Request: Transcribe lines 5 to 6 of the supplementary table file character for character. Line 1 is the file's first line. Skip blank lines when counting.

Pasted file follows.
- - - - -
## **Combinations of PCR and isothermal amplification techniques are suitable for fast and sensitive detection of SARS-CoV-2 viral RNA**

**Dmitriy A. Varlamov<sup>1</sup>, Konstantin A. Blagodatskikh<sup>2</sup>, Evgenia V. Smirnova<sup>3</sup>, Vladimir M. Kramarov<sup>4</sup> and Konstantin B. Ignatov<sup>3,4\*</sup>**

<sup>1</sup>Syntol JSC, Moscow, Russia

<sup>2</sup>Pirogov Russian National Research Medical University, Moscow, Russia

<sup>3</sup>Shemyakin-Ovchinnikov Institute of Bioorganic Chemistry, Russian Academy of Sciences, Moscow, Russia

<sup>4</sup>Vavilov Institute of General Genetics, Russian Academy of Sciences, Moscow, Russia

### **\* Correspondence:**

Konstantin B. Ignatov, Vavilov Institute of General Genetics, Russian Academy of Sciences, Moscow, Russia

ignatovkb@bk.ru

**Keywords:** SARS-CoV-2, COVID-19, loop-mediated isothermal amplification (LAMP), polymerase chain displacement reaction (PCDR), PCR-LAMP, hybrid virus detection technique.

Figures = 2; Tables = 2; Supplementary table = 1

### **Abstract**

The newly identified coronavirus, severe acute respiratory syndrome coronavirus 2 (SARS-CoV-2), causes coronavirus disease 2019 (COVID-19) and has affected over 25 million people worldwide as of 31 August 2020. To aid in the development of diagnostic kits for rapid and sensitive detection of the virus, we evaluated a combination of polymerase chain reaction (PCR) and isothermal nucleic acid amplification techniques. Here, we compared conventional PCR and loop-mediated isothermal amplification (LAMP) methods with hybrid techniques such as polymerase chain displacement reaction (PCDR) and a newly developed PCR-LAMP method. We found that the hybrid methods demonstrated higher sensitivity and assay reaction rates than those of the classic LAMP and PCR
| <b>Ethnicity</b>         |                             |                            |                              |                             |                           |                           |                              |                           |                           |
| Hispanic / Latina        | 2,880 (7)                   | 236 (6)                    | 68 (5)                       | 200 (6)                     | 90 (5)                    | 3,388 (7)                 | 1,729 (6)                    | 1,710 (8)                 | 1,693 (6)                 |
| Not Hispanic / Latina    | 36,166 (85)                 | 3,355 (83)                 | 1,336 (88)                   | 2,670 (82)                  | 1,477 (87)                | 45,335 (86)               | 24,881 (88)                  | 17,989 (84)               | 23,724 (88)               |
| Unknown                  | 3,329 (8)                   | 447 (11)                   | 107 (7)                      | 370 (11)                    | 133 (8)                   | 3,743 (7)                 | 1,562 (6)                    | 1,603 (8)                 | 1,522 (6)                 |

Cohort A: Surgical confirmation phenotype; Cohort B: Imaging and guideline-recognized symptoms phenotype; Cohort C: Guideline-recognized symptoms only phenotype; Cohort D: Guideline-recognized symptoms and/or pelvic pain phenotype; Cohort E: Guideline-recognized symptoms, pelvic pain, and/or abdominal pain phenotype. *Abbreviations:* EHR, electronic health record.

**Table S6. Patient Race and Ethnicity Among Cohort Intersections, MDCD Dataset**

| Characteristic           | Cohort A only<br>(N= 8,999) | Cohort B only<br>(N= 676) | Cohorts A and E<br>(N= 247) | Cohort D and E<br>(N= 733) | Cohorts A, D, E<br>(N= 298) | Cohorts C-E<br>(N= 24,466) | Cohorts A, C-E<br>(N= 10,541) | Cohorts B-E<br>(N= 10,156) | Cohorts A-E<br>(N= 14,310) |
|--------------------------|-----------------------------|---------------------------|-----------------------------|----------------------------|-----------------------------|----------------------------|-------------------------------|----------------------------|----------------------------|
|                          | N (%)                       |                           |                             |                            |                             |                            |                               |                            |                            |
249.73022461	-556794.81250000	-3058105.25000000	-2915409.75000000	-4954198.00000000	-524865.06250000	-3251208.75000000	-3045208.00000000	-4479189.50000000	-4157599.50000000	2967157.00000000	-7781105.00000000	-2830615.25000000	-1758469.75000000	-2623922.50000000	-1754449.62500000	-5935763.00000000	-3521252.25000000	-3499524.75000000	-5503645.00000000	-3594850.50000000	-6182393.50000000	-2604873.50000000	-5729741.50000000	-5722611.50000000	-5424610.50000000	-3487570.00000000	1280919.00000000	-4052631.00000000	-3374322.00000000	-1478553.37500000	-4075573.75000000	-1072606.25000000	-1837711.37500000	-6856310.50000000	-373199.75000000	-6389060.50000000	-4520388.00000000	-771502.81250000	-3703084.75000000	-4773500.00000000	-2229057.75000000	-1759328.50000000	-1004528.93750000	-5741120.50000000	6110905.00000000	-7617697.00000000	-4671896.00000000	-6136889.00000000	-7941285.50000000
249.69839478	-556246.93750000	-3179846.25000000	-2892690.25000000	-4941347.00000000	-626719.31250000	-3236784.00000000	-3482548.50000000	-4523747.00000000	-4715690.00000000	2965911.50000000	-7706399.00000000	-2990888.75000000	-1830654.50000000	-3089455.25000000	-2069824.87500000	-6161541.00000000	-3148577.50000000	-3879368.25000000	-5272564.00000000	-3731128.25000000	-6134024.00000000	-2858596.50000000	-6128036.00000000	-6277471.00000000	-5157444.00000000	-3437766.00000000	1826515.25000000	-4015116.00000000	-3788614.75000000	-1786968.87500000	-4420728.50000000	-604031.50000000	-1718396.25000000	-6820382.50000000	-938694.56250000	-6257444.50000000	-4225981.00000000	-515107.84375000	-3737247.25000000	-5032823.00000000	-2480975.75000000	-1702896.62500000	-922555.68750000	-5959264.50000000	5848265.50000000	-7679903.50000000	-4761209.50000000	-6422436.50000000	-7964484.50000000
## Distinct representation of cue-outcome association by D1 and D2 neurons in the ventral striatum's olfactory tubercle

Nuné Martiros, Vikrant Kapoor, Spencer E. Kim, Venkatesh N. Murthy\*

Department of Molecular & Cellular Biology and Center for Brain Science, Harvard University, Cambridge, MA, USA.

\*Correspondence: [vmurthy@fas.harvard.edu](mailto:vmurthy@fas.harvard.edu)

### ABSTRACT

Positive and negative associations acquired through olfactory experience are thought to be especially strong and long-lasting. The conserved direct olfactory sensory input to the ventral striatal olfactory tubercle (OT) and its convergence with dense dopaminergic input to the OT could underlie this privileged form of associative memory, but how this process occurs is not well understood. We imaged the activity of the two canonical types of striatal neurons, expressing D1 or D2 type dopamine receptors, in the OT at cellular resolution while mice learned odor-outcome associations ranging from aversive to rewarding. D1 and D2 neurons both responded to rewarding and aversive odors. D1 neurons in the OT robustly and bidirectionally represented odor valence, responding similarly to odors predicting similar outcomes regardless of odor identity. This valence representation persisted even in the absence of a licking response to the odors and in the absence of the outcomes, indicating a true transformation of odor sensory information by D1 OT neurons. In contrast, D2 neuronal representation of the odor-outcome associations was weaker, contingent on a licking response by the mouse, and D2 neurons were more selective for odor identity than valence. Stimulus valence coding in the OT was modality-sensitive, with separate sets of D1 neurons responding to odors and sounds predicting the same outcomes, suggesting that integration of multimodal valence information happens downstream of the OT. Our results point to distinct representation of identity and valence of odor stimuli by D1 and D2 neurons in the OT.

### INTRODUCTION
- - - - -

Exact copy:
<sup>3</sup>Shemyakin-Ovchinnikov Institute of Bioorganic Chemistry, Russian Academy of Sciences, Moscow, Russia

<sup>4</sup>Vavilov Institute of General Genetics, Russian Academy of Sciences, Moscow, Russia